Recently, the IRS released Reg § 1.199A-1-6, the final regulations on the much-publicized Section 199A deduction.
Let’s back up for a moment: The Section 199A deduction is afforded to a pass-through company, which is a sole proprietorship, partnership, S-Corporation or certain trusts and estates.
In the final overview, the IRS states:
In general. This section provides operational rules for calculating the section 199A(a) qualified business income deduction (section 199A deduction) under section 199A of the Internal Revenue Code (Code). This section refers to the rules in §§1.199A-2 through 1.199A-6. This paragraph (a) provides an overview of this section. Paragraph (b) of this section provides definitions that apply for purposes of section 199A and §§1.199A-1 through 1.199A-6. Paragraph (c) of this section provides computational rules and examples for individuals whose taxable income does not exceed the threshold amount. Paragraph (d) of this section provides computational rules and examples for individuals whose taxable income exceeds the threshold amount. Paragraph (e) of this section provides special rules for purposes of section 199A and §§1.199A-1 through 1.199A-6. This section and §§1.199A-2 through 1.199A-6 do not apply for purposes of calculating the deduction in section 199A(g) for specified agricultural and horticultural cooperatives.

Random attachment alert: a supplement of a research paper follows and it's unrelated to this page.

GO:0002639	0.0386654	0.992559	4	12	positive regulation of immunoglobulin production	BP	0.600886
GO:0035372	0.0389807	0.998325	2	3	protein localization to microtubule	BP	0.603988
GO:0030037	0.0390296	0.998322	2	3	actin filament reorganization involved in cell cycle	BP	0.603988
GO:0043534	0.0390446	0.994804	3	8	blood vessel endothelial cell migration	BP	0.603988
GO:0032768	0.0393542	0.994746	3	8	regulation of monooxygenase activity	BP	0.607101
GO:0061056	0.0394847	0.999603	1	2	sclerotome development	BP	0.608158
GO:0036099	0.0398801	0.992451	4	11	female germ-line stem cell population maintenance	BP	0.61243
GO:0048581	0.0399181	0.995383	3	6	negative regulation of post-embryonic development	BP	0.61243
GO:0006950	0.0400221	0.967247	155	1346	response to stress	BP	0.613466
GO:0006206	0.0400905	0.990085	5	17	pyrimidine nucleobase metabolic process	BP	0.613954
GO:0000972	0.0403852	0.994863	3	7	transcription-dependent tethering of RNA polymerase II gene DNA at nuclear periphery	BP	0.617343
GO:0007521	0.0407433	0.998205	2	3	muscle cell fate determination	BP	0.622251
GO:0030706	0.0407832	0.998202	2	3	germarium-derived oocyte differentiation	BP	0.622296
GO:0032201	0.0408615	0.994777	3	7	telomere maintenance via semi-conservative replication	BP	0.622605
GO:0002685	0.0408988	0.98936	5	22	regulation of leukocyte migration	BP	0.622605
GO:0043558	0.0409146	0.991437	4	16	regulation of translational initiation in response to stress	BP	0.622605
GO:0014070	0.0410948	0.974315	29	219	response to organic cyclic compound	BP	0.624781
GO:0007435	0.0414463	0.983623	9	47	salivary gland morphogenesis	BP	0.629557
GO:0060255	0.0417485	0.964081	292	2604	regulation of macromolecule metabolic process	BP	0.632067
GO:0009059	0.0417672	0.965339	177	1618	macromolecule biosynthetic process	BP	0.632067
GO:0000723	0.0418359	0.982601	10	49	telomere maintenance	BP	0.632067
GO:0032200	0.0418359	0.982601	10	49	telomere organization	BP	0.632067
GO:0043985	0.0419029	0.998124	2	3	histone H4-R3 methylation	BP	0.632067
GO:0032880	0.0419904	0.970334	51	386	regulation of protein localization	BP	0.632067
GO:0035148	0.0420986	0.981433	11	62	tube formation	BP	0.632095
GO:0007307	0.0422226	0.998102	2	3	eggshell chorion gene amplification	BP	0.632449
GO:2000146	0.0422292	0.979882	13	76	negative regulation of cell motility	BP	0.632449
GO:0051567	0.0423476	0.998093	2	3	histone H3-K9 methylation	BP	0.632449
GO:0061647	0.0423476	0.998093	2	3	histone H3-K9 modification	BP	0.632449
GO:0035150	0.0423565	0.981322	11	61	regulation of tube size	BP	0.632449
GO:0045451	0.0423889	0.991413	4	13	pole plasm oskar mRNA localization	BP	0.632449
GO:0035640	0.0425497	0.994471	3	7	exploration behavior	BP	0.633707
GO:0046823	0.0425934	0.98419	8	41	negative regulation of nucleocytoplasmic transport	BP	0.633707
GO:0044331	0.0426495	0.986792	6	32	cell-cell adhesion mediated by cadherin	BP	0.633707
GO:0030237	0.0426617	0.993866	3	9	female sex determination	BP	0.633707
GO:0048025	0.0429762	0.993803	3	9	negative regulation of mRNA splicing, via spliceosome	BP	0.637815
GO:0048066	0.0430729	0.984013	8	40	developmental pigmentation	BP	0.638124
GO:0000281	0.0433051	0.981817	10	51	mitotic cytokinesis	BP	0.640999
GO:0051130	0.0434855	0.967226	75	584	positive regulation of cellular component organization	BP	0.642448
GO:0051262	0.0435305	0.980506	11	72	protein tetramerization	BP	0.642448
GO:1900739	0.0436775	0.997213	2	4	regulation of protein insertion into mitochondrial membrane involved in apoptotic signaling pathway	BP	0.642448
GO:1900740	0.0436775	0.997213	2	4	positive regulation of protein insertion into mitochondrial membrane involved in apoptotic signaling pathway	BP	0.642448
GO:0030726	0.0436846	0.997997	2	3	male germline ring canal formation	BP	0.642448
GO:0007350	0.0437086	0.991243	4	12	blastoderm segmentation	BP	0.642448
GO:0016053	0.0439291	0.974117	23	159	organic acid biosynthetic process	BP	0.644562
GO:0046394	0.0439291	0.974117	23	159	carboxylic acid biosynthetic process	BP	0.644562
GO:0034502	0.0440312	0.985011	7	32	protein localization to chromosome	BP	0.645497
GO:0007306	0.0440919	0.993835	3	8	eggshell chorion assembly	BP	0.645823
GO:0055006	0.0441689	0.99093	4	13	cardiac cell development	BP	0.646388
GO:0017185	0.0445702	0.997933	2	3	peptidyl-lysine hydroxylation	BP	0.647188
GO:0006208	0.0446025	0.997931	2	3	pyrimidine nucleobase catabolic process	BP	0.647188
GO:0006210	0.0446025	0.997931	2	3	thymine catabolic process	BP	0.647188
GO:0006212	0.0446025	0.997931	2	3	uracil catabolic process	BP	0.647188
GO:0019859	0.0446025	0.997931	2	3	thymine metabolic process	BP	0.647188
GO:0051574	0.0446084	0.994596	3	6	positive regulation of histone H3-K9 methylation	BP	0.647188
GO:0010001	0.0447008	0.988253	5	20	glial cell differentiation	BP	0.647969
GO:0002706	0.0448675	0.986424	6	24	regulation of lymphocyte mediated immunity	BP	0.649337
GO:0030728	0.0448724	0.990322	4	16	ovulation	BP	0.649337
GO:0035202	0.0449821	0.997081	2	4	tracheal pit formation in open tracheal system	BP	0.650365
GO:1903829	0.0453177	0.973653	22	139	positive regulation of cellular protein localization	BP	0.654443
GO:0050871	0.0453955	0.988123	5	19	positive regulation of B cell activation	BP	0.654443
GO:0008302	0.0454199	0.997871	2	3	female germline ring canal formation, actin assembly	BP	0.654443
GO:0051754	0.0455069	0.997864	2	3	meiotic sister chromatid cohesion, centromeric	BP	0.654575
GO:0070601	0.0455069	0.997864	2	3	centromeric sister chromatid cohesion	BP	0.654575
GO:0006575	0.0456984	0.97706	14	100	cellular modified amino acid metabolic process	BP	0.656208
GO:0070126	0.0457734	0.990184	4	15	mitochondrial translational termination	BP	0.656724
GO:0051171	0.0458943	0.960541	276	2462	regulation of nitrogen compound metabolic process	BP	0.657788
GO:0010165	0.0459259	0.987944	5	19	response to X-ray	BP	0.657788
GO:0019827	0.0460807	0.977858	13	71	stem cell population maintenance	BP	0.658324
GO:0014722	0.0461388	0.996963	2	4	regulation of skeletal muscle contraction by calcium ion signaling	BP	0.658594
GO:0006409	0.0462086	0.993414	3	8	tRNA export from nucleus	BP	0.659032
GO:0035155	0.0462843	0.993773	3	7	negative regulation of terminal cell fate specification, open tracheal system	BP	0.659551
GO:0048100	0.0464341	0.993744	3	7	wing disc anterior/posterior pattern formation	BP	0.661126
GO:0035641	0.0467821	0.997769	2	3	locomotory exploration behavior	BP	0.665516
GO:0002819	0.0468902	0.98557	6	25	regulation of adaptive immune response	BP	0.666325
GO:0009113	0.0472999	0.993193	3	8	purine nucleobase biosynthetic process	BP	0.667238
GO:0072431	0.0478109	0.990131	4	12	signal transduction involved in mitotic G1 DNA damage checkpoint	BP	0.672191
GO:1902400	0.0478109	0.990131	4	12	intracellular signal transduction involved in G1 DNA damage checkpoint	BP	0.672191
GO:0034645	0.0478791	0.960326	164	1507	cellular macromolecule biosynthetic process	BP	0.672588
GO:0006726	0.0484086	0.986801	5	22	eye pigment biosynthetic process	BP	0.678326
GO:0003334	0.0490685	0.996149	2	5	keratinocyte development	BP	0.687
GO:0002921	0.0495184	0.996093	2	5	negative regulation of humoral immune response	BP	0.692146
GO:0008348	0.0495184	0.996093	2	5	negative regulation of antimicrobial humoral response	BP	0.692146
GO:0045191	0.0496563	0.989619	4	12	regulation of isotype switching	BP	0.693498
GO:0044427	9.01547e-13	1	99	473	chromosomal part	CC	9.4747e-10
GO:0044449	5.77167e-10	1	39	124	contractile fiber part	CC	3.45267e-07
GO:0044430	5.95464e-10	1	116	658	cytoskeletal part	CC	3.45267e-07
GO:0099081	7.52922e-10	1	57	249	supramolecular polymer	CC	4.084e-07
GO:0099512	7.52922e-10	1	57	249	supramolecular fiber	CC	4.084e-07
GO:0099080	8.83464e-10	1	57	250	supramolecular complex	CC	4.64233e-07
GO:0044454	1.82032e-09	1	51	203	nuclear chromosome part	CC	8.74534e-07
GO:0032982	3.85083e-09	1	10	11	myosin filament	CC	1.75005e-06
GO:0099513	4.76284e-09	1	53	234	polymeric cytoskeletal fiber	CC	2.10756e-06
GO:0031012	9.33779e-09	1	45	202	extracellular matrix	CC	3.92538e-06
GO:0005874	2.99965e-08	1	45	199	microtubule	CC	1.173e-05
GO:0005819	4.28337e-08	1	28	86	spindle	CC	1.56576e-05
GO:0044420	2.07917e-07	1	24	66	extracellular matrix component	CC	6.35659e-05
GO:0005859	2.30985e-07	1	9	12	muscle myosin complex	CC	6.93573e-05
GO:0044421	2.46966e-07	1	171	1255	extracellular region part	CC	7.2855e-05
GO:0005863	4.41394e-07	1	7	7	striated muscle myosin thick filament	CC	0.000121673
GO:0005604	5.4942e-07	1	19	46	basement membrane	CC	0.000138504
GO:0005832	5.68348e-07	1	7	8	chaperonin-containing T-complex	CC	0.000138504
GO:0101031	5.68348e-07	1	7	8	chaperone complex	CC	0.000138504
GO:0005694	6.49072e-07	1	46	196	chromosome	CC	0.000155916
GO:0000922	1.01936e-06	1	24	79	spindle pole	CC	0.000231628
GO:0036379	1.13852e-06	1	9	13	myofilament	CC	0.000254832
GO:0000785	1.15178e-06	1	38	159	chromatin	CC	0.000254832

These regulations go into effect for taxable years ending after February 8, 2019. However, the final one can also be relied on for the calculation of the Section 199A deduction, in its entirety, for tax year 2018.